Suzanne is an Inc. 500/5000 business owner for five years and New York Times bestselling author. She provides support, consult, and business development skills to the over 30,000 entrepreneurs enrolled in her wealth and business building programs. She currently lives with her family in Chapel Hill, NC.

Sheng-Tao Fan, MA, 2008

Sheng-Tao has been working at National Taiwan Normal University where he mainly teaches Theatre in Education as well as Arts and Business Cooperation. Dr. Fan recently published his book Performing Arts Application: Teaching, Healing, and Facilitation in Mandarin Chinese.

Zak Ferentz, MA, 2016

Zak is currently teaching kindergarten at Schechter Westchester in White Plains, NY. This past October, he married fellow Ed Theatre alum Dana Shapiro. They are so grateful they met in Amy Cordileone’s Acting: Pedagogy, Technique, and Performance class!

Andrew Gaines, PhD, 2018

Andrew is on tenure-track as the Head of Theatre Arts and Communication at Grays Harbor College in Aberdeen, Washington where he lives with his wife Michelle and baby daughter Shayna. Visit andrewmgaines.com to learn more about what Andrew has been up to.

David Graybill, MA, 2012

After graduating the Ed Theatre MA program, David went on to get a PhD in Shakespeare Studies from the University of Birmingham (UK) and the Shakespeare Institute in Stratford-upon-Avon. He is currently the Technical Theatre Director for the Wildwood School in Los Angeles.

Laurie Gruhn, MA, 1991

Laurie is Head of Lower School/Asst. Head of School at the The Browning School an all boys’ school in NYC, where she teaches drama in the classroom whenever she can!

Ashley Hamilton, MA, 2013; PhD, 2017

Ashley just completed her second year as a tenure-track Assistant Professor at the University of Denver where she also founded and is Co-Director of the DU Prison Arts Initiative (DU PAI).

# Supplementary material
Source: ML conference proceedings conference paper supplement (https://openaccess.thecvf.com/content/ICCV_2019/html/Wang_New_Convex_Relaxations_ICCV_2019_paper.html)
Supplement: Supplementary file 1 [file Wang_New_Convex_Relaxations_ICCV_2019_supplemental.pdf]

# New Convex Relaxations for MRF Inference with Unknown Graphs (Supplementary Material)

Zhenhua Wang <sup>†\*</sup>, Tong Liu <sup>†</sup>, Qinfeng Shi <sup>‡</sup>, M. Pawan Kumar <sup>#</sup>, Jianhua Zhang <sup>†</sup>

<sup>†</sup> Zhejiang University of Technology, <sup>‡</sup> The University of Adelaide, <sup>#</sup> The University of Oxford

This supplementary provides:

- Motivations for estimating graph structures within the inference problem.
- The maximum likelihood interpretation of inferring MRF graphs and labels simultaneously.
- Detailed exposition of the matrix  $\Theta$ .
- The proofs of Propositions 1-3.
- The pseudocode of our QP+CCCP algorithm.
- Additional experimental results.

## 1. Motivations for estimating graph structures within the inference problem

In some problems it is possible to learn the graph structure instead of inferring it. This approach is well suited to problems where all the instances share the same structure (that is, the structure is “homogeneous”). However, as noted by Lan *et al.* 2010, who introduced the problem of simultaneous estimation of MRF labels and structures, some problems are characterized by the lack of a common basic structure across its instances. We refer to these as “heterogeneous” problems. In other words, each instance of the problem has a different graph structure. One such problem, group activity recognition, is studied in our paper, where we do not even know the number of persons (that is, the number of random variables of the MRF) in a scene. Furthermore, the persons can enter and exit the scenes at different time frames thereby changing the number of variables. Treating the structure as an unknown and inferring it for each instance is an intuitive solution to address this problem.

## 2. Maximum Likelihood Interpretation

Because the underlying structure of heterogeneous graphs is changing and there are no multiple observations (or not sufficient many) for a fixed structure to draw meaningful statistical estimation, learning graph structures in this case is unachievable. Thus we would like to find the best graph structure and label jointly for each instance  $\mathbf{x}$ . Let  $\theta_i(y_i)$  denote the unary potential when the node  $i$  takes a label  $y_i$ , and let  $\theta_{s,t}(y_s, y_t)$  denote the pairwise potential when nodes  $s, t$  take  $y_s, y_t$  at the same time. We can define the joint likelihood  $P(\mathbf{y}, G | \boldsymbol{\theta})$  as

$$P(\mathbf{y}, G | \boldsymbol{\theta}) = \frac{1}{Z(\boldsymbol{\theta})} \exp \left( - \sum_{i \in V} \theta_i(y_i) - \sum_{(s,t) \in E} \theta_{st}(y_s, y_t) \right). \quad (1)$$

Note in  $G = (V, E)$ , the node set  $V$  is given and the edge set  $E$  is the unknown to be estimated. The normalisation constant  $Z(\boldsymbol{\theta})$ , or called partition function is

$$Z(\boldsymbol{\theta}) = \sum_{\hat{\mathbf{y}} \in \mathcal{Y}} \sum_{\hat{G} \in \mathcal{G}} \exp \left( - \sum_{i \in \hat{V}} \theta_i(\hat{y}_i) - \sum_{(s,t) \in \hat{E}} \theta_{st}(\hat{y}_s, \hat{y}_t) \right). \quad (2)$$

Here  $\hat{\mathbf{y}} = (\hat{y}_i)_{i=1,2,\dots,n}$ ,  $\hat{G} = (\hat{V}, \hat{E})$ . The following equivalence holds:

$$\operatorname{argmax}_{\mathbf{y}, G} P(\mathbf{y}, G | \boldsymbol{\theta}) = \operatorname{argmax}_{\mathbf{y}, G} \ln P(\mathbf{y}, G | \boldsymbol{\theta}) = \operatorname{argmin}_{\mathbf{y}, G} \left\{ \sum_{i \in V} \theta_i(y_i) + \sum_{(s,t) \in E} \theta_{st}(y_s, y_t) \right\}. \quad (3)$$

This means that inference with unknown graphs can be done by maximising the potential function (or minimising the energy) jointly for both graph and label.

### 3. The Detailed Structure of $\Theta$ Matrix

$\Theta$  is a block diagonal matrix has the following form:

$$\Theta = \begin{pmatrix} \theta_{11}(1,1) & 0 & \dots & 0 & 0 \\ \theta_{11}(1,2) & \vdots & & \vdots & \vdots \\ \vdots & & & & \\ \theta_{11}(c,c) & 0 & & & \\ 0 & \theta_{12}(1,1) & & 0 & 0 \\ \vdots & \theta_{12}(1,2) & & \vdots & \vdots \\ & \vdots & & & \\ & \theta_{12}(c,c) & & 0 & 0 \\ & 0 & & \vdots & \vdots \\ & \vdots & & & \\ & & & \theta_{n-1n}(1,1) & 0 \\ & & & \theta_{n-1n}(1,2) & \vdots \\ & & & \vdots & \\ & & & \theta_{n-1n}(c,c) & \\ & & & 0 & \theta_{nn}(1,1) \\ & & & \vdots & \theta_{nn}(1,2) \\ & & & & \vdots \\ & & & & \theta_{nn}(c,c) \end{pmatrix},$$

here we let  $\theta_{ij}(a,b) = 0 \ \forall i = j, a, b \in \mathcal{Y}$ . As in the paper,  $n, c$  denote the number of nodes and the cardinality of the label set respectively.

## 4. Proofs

Clare Hammoor, MA, 2013; EdD, 2018

Clare is the Director of Inquiry and Instruction at Compositive Primary in Denver, Colorado. He is also devising and directing professionally with students at the University of Denver and with incarcerated folks in the Colorado prison system.

Liz Heck, MA, 2017

Liz found a theatre teacher position right after graduation in a NYS public school nestled into the Hudson-Valley. She currently teaches K-8 theatre class and is excited to have completed her second year at Garrison Union Free School.

Jonathan P. Jones, MA, 2004; PhD, 2014

Jonathan recently directed Quiet No More: A Celebration of Stonewall at Carnegie Hall for World Pride NYC/Stonewall50, featuring 564 singers from across the United States (a modern record at Carnegie) with new compositions from Julian Hornick, Michael McElroy, Ann Hampton Callaway, and Our Lady J, for which he was featured in a BBC News feature, Stonewall Riot: ‘It was the day everything changed.’ His recent edited publications include Paradigms and Possibilities: A Festschrift in Honor of Philip Taylor (Amazon.com) and ArtsPraxis (steinhardt.nyu.edu/music/research/artspraxis).

Laura Josepher, MA 1990

Laura runs ContemporaryMusicalTheatre.com with business partner David Sisco. Together they teach masterclasses and workshops about auditioning and how to work on new musicals all over the world. Their book Mastering College Musical Theatre Auditions: Sound Advice for the Student, Teacher, and Parent will have its second printing this summer.

Sobha Kavanakudiyil, MA, 2003

Sobha is Faculty in The Graduate Program in Educational Theatre at The City College of New York has also been Co-Chair of the Board of Directors for the New York City Arts in Education Roundtable and is thrilled to begin the EdD in Educational Theatre at NYU in Summer 2019!

Jeff Kennedy, MA, 1995; PhD, 2006

Jeff is an Associate Professor of Interdisciplinary Arts and Performance at Arizona State University, his book Staging America: The Artistic Legacy of the Provincetown Players is to be published by University of Alabama Press, and he recently received a Fulbright Scholar Award to research for six months at the British Library.